Scientists discover new treatment for chronic pain condition
08 February 2010
2 February 2010: Scientists at the University of Liverpool have discovered that treating the immune system of patients with Complex Regional Pain Syndrome (CPRS) leads to a significant reduction in pain.
CRPS is an unexplained chronic pain condition that usually develops after an injury or trauma to a limb, and continues after the injury has healed. CPRS I - formerly called Reflex Sympathetic Dystrophy - can arise after any type of injury. CRPS II, previously called causalgia (a term coined in the American Civil War when it was first diagnosed), follows partial damage to a nerve. In some cases the pain can be so severe that patients request amputation, only to find that the pain returns in the stump.
CRPS pain can improve within one year after the injury, but if it is still unchanged after 12 months (longstanding CRPS), then it will often not improve at all. Longstanding CRPS affects about 1 in 5,000 people in the UK.
The team at the Pain Research Institute discovered that a single, low dose infusion of intravenous immunoglobin (IVIG) significantly reduced pain in just under 50 per cent of patients treated, with few adverse effects. The pain relief lasted on average 5 weeks. The results of this study may change the future treatment of patients with CRPS, and have an impact on research in other severe chronic pain areas. Intravenous immunoglobulin treatment for CRPS is currently not available on the NHS.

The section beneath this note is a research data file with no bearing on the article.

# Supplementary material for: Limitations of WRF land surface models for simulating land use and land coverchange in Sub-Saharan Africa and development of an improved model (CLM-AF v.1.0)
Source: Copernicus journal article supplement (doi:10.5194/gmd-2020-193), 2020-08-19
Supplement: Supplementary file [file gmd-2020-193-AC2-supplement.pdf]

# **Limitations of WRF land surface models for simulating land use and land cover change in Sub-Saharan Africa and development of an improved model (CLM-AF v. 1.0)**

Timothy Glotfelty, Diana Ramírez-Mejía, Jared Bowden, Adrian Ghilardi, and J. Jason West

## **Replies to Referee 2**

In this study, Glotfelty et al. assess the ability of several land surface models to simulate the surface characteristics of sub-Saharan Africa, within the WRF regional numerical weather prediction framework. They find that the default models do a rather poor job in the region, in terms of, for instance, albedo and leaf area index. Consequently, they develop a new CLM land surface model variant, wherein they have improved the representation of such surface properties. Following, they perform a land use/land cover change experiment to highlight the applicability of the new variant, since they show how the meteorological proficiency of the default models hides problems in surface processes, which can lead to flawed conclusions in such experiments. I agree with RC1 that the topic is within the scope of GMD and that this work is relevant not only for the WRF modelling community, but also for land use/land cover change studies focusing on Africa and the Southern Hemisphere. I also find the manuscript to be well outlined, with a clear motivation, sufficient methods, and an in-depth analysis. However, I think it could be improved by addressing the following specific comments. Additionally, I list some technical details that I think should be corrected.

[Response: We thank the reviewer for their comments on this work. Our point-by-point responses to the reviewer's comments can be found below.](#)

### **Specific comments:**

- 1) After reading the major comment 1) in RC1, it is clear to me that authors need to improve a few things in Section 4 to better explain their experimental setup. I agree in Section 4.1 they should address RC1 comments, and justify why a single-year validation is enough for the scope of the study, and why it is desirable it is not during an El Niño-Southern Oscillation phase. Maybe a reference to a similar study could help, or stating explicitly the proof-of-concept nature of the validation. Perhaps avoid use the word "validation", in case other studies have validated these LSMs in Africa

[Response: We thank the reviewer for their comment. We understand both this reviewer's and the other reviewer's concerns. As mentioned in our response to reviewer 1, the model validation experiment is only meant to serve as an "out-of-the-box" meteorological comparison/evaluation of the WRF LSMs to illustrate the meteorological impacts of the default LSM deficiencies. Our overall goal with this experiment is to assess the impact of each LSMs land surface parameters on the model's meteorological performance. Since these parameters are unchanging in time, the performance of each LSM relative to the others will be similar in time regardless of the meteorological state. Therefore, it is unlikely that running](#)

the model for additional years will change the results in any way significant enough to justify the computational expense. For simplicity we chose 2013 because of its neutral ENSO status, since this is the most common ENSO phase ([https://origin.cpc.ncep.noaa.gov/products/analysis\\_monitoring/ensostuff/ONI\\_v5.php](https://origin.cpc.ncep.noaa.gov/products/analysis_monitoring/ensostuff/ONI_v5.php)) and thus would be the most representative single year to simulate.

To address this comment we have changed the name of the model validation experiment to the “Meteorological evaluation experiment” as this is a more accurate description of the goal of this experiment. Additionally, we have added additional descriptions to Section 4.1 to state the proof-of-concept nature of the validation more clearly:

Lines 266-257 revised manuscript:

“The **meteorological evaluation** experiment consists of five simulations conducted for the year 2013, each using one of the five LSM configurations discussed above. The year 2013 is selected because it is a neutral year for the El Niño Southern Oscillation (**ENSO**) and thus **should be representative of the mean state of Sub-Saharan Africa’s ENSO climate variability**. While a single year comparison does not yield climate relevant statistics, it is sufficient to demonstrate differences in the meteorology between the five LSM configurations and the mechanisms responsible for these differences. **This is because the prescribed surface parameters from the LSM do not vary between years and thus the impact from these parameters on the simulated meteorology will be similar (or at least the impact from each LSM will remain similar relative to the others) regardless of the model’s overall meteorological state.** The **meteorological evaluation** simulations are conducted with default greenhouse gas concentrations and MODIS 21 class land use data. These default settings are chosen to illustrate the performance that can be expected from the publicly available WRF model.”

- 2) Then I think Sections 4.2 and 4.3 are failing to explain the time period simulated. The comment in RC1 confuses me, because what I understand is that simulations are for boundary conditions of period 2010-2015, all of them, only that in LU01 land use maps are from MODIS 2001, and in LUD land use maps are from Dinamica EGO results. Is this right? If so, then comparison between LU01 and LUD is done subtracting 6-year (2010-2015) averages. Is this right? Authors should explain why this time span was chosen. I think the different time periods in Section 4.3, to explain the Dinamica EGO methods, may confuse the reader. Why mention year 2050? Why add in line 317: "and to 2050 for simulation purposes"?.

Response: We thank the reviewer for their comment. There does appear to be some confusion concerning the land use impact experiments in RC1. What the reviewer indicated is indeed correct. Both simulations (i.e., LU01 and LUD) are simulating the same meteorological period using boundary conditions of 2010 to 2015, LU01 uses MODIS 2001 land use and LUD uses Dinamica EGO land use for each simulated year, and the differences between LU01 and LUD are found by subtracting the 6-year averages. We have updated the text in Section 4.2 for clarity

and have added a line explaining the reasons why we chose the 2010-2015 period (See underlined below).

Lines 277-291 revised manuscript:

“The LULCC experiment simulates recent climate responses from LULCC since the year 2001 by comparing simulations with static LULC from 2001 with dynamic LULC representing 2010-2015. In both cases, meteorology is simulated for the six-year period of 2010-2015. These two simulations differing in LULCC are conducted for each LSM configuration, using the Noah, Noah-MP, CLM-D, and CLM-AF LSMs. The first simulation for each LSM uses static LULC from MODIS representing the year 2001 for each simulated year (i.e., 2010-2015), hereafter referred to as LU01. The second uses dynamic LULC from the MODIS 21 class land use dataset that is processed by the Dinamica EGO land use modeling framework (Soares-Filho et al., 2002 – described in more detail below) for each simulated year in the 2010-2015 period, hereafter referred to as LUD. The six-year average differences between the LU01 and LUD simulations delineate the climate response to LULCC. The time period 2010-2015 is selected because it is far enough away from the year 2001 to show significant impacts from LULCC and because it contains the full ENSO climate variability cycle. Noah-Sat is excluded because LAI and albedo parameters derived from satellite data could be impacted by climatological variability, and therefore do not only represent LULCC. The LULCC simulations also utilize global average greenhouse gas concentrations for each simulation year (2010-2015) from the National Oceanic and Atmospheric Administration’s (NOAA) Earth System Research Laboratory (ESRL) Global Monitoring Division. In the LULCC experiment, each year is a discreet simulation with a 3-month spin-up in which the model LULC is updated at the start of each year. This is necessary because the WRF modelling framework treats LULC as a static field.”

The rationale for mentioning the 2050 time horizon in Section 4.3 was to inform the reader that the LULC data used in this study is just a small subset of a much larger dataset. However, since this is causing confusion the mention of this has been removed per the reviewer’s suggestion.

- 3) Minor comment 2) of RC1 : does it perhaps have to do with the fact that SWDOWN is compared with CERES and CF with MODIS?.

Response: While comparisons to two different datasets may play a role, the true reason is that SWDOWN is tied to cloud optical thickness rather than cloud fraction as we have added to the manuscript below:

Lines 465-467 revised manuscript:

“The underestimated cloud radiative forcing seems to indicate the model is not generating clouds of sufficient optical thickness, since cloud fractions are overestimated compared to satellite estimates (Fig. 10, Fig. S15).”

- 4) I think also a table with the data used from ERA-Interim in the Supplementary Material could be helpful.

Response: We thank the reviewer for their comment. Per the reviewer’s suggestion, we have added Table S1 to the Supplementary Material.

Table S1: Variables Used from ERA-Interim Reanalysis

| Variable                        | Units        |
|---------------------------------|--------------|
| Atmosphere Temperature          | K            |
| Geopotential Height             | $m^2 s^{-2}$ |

Although the cause of the syndrome is unknown, precipitating factors include injury or damage to the body's tissue. Changes in the way nerves send messages to the brain about pain may occur at the injury site.
These changes may then lead to more changes in the nerves of the spinal chord and brain. All these changes are thought to play a role in causing and prolonging the condition. Conventional pain drugs either don't work, or have considerable side effects.